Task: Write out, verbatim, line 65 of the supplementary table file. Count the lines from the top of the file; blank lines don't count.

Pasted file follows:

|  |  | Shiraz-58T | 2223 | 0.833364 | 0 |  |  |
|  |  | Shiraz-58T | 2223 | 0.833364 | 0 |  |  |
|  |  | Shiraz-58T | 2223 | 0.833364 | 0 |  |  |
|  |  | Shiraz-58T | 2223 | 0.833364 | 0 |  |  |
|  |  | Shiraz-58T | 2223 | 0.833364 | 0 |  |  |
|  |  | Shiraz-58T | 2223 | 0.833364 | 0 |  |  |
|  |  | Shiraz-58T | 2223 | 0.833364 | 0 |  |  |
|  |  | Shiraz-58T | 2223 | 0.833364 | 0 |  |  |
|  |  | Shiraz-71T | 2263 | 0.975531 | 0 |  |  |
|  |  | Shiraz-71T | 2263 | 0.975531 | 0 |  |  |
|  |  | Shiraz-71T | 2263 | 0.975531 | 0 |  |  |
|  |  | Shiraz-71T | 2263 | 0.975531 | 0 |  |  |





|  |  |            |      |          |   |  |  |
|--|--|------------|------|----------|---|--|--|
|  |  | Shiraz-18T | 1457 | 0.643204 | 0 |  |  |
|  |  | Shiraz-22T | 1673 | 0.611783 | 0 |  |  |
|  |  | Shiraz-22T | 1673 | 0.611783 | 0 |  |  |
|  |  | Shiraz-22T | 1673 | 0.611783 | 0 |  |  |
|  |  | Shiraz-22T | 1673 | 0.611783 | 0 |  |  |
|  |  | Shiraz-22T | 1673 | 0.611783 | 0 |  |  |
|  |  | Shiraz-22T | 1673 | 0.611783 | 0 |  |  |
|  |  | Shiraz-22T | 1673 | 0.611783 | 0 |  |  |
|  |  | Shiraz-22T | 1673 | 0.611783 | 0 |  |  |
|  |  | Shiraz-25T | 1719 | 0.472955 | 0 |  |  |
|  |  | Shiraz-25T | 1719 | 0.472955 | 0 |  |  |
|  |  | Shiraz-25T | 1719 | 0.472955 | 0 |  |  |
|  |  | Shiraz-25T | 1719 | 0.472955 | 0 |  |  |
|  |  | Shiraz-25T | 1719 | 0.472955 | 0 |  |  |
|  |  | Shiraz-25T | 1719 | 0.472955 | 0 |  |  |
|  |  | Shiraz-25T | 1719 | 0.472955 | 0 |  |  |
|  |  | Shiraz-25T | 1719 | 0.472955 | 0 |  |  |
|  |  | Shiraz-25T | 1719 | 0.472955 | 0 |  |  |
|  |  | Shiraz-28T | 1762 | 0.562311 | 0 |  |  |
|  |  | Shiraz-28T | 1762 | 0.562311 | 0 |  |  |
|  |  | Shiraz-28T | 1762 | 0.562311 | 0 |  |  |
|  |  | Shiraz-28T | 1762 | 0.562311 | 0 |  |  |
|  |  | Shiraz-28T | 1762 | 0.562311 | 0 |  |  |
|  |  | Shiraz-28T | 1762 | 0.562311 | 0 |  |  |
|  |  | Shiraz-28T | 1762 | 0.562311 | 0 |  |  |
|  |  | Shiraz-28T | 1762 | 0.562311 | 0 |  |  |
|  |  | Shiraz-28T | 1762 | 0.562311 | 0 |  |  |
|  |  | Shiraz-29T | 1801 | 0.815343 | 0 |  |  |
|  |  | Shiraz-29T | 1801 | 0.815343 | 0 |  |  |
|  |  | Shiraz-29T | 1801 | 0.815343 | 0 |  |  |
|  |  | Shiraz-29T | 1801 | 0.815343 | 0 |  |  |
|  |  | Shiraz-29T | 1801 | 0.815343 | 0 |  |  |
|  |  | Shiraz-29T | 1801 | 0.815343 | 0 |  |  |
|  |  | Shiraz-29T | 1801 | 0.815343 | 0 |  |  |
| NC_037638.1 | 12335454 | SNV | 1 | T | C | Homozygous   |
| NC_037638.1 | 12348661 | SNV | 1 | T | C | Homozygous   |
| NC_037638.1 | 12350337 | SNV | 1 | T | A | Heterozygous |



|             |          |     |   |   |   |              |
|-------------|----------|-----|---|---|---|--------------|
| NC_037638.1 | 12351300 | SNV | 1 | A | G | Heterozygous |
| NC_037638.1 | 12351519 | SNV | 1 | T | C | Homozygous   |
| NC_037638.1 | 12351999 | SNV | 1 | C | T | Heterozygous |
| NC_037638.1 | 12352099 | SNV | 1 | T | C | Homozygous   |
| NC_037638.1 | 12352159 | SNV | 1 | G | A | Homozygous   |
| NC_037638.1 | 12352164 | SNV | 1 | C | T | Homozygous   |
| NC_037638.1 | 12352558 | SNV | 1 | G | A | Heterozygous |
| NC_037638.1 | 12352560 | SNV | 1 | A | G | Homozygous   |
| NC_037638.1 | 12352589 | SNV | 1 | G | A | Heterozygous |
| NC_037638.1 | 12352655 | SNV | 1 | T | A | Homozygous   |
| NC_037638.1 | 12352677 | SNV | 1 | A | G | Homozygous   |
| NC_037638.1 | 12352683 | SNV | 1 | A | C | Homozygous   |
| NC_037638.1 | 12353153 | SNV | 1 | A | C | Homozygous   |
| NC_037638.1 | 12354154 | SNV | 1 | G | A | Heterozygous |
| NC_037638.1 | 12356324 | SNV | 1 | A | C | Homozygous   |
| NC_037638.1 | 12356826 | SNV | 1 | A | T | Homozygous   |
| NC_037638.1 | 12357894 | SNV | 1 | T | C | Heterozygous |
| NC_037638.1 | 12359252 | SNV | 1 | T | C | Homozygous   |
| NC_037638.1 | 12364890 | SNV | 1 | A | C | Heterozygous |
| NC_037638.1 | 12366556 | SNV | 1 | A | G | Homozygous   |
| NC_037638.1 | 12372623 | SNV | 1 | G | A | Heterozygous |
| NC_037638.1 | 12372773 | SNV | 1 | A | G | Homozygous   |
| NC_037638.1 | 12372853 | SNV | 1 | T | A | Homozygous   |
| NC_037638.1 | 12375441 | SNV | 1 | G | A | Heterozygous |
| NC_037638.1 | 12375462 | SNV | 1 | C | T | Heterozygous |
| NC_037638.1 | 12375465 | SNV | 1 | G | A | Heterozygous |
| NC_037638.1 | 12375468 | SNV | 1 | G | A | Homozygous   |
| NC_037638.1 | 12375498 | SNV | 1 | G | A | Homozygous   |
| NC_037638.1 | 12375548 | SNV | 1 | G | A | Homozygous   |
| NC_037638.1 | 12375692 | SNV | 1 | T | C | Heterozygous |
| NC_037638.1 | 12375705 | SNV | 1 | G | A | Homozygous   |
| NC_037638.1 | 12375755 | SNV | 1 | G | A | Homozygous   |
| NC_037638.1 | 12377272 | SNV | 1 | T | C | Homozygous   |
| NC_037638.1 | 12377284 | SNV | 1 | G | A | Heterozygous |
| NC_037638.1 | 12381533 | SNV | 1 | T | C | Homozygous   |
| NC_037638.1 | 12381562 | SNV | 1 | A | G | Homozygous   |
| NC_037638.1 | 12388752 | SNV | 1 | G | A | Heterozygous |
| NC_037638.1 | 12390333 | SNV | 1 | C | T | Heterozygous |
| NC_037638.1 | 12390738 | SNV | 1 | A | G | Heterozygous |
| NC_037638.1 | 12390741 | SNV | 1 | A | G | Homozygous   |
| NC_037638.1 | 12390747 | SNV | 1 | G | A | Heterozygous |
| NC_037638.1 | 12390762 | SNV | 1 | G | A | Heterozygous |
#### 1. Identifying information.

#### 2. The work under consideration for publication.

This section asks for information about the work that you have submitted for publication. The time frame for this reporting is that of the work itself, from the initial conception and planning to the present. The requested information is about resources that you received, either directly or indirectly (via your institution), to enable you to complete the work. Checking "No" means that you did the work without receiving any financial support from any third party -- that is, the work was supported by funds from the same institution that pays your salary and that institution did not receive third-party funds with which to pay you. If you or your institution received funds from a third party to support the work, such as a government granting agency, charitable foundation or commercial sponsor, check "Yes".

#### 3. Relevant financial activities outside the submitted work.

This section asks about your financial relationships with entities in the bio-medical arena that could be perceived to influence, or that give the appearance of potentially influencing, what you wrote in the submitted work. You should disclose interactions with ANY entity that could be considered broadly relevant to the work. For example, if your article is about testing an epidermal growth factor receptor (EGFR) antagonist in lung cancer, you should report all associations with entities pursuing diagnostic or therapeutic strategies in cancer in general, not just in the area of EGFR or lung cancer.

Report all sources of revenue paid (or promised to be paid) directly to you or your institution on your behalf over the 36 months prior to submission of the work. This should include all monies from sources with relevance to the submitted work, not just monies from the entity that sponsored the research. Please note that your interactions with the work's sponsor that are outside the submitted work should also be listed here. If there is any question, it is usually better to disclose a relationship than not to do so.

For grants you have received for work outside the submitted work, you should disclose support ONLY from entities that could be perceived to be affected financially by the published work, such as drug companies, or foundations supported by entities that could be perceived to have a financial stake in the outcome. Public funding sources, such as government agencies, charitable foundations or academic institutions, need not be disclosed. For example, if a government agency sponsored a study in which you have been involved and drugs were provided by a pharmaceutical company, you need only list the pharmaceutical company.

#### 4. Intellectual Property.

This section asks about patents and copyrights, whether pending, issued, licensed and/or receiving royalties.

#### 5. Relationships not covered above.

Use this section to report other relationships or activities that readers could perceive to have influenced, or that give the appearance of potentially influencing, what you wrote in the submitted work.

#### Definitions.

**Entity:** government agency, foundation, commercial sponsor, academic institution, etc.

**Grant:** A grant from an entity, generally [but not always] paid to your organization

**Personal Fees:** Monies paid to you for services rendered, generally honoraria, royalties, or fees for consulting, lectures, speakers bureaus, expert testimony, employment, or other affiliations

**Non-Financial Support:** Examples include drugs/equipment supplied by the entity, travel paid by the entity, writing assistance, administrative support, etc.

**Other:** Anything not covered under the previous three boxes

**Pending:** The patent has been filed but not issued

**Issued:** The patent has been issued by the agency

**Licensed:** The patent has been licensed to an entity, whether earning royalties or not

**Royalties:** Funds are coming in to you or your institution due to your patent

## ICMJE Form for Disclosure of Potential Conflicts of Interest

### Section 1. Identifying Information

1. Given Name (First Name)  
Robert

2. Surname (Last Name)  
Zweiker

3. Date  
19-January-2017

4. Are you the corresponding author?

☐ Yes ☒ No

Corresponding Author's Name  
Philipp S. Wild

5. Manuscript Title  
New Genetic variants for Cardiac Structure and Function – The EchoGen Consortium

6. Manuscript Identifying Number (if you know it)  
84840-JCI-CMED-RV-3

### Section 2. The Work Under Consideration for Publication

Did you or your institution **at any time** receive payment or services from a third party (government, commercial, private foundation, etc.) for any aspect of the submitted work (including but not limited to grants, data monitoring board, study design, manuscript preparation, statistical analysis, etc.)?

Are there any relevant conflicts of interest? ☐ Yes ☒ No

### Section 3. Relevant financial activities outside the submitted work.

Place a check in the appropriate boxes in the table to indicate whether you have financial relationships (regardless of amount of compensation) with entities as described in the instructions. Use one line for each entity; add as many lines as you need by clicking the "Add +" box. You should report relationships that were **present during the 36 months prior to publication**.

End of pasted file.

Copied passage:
| NC_037638.1 | 12352683 | SNV | 1 | A | C | Homozygous   |